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It is difficult to know what precisely Jim Makin is getting at in his Aug. 15 letter, “Common Western fetishism.”

After speaking out against “Westerners who advocate Buddhism and other Asian religions,” he goes on to direct his remarks against Christian Westerners in general, as when he asserts that “philosophy is not taught much in Western schools,” which he attributes to “the influence of religion.”

I would maintain it as an incontrovertible fact that, wherever the Christian religion has prevailed in the West, a prominent place has been given both to philosophy and to the humanities — notably, I might add, in the schools of Jesuits, who once had the reputation of being the “educators of Europe.”

Makin also implies that the acceptance of Christianity in the West is a choice of “superstition over humanism.” But there is no need of such a choice, since from its very origins, Western humanism has been deeply Christian as represented by such notable English humanists as John Colet and Thomas More.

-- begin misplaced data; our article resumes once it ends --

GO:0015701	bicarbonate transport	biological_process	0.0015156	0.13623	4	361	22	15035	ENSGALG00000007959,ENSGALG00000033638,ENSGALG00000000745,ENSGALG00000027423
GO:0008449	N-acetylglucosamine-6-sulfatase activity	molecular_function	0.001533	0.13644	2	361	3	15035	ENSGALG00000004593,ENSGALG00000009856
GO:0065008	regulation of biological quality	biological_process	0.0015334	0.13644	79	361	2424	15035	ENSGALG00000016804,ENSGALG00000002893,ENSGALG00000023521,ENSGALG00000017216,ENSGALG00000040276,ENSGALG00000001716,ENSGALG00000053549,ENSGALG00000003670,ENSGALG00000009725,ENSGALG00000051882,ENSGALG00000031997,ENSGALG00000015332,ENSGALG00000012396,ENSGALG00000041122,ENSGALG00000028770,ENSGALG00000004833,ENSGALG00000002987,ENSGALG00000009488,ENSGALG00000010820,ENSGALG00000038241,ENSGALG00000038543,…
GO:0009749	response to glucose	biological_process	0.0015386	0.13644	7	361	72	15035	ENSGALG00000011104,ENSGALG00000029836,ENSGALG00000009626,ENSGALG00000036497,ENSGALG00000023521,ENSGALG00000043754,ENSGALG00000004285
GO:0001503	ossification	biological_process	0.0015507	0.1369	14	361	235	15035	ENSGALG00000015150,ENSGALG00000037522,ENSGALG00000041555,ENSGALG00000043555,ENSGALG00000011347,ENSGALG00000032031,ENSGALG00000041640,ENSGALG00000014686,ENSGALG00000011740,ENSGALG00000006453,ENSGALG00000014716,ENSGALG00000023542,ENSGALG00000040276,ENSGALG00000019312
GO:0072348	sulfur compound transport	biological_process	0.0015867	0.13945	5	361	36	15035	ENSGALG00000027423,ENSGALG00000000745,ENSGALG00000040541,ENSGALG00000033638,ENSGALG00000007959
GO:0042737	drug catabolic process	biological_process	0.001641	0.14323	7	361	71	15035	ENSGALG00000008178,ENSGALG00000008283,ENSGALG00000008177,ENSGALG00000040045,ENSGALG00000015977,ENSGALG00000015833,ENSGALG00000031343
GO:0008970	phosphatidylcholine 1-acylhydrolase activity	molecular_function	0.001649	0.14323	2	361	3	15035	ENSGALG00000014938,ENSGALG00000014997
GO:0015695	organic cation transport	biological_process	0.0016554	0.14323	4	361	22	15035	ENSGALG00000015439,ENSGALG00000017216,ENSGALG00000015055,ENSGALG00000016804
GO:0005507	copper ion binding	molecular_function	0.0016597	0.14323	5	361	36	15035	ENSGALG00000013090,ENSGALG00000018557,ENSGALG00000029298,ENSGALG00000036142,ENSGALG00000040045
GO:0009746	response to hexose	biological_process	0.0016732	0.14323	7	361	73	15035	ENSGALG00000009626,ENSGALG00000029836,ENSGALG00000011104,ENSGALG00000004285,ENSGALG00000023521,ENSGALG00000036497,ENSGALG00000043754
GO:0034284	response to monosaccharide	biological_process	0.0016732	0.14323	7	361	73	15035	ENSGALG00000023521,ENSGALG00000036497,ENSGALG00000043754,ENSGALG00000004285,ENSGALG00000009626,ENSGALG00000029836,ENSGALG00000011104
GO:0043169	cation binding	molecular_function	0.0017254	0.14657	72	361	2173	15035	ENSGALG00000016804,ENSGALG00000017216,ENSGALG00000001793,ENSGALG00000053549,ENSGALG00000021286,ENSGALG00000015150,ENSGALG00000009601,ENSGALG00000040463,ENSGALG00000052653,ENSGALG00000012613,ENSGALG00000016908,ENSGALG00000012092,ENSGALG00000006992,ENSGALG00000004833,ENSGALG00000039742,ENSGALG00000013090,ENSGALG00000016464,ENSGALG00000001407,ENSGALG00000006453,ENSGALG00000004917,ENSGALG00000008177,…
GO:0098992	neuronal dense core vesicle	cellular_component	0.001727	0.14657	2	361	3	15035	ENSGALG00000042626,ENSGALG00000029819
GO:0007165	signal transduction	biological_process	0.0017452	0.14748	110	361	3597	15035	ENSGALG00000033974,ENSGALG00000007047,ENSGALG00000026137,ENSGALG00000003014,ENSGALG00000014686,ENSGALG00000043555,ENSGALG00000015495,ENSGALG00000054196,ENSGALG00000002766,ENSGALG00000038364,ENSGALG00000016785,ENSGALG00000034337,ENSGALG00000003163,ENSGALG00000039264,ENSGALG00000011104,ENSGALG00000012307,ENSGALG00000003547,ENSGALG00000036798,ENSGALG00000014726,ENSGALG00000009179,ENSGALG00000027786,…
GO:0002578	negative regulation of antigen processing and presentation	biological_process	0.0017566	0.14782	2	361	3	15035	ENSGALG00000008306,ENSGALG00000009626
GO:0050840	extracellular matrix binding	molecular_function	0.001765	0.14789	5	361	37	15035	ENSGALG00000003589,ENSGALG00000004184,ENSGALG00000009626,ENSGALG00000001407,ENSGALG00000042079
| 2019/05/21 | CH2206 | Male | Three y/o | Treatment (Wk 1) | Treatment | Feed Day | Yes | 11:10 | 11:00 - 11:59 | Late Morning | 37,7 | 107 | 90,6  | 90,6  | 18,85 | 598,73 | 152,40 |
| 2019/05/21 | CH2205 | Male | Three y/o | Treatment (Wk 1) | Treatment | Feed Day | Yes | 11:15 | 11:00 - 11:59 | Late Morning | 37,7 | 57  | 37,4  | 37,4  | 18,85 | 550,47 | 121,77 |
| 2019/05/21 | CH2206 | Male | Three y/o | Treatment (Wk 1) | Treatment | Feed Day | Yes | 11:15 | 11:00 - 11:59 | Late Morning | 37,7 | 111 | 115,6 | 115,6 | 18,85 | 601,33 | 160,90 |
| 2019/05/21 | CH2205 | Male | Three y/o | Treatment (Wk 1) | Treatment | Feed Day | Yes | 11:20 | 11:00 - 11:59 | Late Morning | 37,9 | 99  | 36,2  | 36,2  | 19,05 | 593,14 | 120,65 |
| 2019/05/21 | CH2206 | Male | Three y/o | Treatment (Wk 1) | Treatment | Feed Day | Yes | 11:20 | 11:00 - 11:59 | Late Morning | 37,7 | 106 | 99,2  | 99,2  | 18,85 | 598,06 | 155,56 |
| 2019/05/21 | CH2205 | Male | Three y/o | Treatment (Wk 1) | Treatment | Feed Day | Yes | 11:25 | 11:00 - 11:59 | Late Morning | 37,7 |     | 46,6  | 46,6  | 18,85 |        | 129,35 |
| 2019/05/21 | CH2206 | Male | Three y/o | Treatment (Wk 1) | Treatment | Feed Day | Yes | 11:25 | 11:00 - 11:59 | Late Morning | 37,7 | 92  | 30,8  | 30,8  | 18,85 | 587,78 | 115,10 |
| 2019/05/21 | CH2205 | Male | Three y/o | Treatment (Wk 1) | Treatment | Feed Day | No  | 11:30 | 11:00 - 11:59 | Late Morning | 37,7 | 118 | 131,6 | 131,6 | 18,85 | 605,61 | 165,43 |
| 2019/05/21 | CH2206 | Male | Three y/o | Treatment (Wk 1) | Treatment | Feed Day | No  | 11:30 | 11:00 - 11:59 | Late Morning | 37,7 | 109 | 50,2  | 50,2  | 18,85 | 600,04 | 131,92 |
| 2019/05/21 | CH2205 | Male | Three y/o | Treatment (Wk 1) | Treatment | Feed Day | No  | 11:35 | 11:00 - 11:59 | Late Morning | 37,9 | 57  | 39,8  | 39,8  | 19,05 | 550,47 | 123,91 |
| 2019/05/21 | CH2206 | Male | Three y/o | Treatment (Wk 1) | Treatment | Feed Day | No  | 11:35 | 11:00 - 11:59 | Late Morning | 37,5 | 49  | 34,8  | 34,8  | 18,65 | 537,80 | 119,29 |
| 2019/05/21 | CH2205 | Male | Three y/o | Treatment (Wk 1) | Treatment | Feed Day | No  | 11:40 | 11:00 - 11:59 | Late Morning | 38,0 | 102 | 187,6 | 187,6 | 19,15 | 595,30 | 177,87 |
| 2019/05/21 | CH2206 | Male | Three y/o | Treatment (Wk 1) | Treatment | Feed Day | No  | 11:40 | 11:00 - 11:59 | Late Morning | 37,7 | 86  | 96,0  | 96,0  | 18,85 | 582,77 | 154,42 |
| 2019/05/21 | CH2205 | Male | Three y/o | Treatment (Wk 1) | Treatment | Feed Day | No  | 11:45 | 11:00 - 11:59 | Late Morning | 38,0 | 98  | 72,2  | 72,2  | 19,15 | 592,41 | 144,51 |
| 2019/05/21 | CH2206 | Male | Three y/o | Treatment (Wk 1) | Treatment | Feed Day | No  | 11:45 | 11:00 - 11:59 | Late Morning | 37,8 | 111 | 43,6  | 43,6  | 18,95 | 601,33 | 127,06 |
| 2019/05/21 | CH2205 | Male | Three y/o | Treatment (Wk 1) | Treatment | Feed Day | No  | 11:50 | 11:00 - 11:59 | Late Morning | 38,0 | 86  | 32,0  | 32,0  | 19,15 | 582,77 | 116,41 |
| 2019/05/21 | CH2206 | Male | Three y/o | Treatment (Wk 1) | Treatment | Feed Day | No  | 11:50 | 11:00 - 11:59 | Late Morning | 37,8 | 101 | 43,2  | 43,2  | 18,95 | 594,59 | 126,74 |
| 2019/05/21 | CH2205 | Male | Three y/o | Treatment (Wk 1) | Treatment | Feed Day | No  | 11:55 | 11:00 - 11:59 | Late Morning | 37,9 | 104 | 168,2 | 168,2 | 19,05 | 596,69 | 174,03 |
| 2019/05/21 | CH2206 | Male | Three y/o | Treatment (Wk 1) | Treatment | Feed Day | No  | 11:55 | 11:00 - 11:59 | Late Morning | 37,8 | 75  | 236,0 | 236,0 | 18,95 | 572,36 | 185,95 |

True, there is a modern variety of humanism that is anti-Christian, but there is also a strong presence of Christian humanism as represented by such notable French philosophers as Jacques Maritain and Etienne Gilson.

Makin may well express his agreement “with the Epicurean view,” and he is welcome to state his opinion. But others are no less free to follow other opinions, and who is he, as a professional humanist, to gainsay them?

peter milwardsophia university
tokyo

The opinions expressed in this letter to the editor are the writer’s own and do not necessarily reflect the policies of The Japan Times.

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